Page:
Functions: SPG, Depth, Compass, Temperature Reading Options: Metric + Imperial
Considered as one of the best all-in-one SPG, the Tusa Platina looks like a 2-gauge console but actually has 3 gauges. The front face of the console is made up of a SPG and depth gauge. The SPG has a readout from 0 to 400 bar (0-6,000 psi) with an internal thermometer that reads from 0 to 40°C (32-40°F). The SPG markings are color coded with blue from 100 to 400 bar and red from 0 to 50 bar. Likewise, the depth gauge has a readout from 0 to 60 meters where a blue-coded zone is presented from 0 to 20 meters (the maximum depth for open water divers) and a red-coded zone from 30 to 60 meters which indicates that you are too deep.
When you flip the console, you will see an underwater compass. It has a lubber line, rotating bezel and the markings are in a 30° increment with 10° dotted interval marks. The 3 gauges are encased in an impact-resistant rubber that is rated to be one of the toughest SPG cases in the market.
If you are looking for a lightweight SPG console that is both rigid, efficient and ideal for frequent travelling, then you may look at the Scubapro 2-gauge console. Weighing only 0.8 kilograms (1.7 pounds), this 2-gauge console is composed of an SPG and a depth gauge that is encased in an impact-resistant boot.
The SPG uses the imperial system that has a readout from 0 to 5,000 psi. The markings in the SPG are clearly indicated and marked out with 500 and 1,000 psi increments. It has a luminous dial and face that grows brightly in the dark and can easily be charged with an underwater torch. For the depth gauge, it is oil filled and has a readout from 0 to 150 feet. Aside from the bright orange indicator mark at 10 and 20 feet which gives you an indicator for decompression and safety stops, it also has a maximum depth indicator (MDI) that will record the greatest depth of your dive.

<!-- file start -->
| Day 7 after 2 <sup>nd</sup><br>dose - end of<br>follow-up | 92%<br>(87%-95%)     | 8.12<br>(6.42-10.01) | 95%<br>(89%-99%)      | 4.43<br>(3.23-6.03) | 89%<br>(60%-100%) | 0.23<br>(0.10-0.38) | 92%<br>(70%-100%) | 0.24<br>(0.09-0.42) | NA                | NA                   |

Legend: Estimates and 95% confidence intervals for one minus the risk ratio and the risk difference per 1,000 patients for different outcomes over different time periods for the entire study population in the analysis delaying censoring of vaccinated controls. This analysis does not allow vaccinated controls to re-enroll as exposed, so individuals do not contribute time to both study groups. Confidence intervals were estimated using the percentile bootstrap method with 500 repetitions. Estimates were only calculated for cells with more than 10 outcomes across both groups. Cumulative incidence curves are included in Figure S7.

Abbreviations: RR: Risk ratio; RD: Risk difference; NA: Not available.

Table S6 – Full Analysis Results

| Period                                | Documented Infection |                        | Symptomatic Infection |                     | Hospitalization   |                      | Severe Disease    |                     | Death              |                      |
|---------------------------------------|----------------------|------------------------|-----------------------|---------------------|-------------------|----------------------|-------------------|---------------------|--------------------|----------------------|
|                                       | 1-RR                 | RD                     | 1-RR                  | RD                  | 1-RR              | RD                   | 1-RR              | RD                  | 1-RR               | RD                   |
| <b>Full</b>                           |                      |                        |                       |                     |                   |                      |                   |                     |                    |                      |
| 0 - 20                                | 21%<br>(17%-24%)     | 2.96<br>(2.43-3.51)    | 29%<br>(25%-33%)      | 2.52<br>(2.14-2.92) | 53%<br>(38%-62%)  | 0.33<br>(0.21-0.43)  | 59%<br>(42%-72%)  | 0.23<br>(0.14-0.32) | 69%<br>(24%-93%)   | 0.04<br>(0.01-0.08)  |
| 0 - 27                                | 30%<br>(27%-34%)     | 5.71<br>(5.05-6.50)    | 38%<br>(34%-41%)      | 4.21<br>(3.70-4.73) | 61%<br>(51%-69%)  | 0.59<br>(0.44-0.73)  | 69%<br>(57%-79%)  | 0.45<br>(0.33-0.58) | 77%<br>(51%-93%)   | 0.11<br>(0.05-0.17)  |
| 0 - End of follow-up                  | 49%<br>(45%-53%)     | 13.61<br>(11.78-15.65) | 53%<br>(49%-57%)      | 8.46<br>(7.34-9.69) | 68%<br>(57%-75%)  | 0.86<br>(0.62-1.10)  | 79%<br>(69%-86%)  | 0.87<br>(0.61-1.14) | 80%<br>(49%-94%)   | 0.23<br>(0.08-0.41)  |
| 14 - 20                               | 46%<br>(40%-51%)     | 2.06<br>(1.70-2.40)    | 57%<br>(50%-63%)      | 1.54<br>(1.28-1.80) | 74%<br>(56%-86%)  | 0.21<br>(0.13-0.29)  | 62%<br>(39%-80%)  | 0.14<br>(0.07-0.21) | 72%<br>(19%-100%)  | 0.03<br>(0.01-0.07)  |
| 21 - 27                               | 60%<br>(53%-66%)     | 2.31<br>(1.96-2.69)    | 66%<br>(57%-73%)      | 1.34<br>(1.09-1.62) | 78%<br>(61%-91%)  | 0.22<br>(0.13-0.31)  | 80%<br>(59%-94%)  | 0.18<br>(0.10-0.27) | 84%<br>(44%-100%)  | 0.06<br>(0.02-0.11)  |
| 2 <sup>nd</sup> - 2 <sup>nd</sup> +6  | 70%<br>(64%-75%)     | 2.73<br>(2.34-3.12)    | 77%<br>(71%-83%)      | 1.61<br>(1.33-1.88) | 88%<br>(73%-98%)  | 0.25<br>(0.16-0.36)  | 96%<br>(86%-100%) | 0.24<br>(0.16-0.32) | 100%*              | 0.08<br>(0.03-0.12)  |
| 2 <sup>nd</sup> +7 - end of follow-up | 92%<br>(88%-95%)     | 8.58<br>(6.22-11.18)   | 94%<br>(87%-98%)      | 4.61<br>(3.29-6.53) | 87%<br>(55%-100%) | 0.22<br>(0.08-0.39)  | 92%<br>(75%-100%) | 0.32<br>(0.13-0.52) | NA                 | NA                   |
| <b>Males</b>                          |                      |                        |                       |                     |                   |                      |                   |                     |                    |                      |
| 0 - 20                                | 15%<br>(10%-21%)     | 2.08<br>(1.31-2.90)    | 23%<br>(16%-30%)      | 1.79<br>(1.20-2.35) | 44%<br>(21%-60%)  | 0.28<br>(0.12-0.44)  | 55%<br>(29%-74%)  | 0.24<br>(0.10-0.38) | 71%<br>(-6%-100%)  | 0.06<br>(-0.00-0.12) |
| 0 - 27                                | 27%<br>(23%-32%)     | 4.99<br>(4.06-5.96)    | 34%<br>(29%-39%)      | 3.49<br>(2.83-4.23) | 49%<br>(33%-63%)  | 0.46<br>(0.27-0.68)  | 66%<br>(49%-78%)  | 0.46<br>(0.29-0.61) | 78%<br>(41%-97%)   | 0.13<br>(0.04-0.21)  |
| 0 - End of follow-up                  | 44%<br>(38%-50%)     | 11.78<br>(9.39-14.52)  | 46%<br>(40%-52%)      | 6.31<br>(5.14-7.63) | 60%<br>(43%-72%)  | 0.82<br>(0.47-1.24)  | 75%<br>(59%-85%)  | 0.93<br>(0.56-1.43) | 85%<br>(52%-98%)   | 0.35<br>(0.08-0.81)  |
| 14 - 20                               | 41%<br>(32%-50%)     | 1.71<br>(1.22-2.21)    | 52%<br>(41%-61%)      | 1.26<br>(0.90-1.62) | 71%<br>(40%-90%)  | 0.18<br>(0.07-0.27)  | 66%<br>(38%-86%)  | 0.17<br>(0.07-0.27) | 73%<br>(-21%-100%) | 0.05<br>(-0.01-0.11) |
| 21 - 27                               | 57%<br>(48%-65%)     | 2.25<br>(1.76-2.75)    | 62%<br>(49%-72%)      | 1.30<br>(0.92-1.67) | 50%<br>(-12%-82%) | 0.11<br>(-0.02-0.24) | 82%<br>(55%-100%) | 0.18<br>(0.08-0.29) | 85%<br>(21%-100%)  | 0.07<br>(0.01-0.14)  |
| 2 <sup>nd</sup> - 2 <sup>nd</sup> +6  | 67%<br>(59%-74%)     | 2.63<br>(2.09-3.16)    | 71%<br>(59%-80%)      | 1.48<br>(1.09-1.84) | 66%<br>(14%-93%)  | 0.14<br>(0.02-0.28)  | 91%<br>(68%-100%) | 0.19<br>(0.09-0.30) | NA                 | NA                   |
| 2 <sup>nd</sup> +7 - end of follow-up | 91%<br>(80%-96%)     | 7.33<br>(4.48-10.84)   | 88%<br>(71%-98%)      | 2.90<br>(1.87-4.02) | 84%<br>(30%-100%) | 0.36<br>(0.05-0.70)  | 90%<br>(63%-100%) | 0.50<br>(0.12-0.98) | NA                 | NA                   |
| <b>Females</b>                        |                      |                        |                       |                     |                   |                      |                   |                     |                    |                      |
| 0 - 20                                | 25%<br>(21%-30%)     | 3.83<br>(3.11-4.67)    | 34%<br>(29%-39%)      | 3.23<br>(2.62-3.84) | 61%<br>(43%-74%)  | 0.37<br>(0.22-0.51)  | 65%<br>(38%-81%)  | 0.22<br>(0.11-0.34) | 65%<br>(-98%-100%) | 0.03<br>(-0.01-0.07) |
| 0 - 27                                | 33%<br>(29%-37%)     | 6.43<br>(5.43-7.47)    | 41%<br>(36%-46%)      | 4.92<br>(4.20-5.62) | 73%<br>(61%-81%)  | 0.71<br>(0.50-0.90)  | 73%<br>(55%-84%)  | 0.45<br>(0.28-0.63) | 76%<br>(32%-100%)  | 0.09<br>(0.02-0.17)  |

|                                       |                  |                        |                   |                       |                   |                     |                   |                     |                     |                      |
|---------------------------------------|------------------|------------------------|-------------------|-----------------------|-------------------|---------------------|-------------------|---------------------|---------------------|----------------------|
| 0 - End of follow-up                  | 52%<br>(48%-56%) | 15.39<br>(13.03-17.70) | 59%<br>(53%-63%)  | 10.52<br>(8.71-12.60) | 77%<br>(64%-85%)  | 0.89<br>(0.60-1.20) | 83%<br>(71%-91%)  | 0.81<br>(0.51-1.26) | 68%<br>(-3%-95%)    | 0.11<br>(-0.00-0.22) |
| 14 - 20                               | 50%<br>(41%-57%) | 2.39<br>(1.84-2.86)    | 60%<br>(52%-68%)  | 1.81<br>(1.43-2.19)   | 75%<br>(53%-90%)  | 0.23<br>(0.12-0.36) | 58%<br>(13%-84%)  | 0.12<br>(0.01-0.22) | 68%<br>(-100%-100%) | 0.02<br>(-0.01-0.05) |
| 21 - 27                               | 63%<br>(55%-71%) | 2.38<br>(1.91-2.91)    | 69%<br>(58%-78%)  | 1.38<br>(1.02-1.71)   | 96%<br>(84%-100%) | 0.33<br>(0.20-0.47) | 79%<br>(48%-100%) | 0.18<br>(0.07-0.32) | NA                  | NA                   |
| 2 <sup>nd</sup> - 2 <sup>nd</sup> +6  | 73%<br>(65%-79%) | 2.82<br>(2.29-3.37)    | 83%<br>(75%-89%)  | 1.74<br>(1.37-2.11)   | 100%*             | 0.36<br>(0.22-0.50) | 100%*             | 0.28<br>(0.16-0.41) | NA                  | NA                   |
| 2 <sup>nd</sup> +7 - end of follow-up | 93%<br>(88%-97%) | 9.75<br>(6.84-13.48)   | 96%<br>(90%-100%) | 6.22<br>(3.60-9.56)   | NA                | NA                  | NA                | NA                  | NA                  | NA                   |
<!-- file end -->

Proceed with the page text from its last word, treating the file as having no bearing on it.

Weighing only 0.5 kilograms (1.2 pounds), the Oceanic Max-Depth SWIV Combo Gauge is another popular lightweight SPG that is designed for frequent use and travelling. This is an imperial type 2-gauge console that is composed of an SPG and a depth gauge.
The SPG has a readout from 0 to 5,000 psi and an internal thermometer which can read from 0 to 100OF. The SPG markings are highly visible with a red color code from 0 to 500 psi indicating low on air. Similarly, the pressure gauge has a readout from 0 to 200 feet with a red color code just after the 120 feet mark all the way to the 200 feet mark which indicates that you are outside the depth limits of recreational scuba diving. Both the SPG and the depth gauge are encased in an impact-resistant boot that has multiple eyelets for clip or lanyard attachment.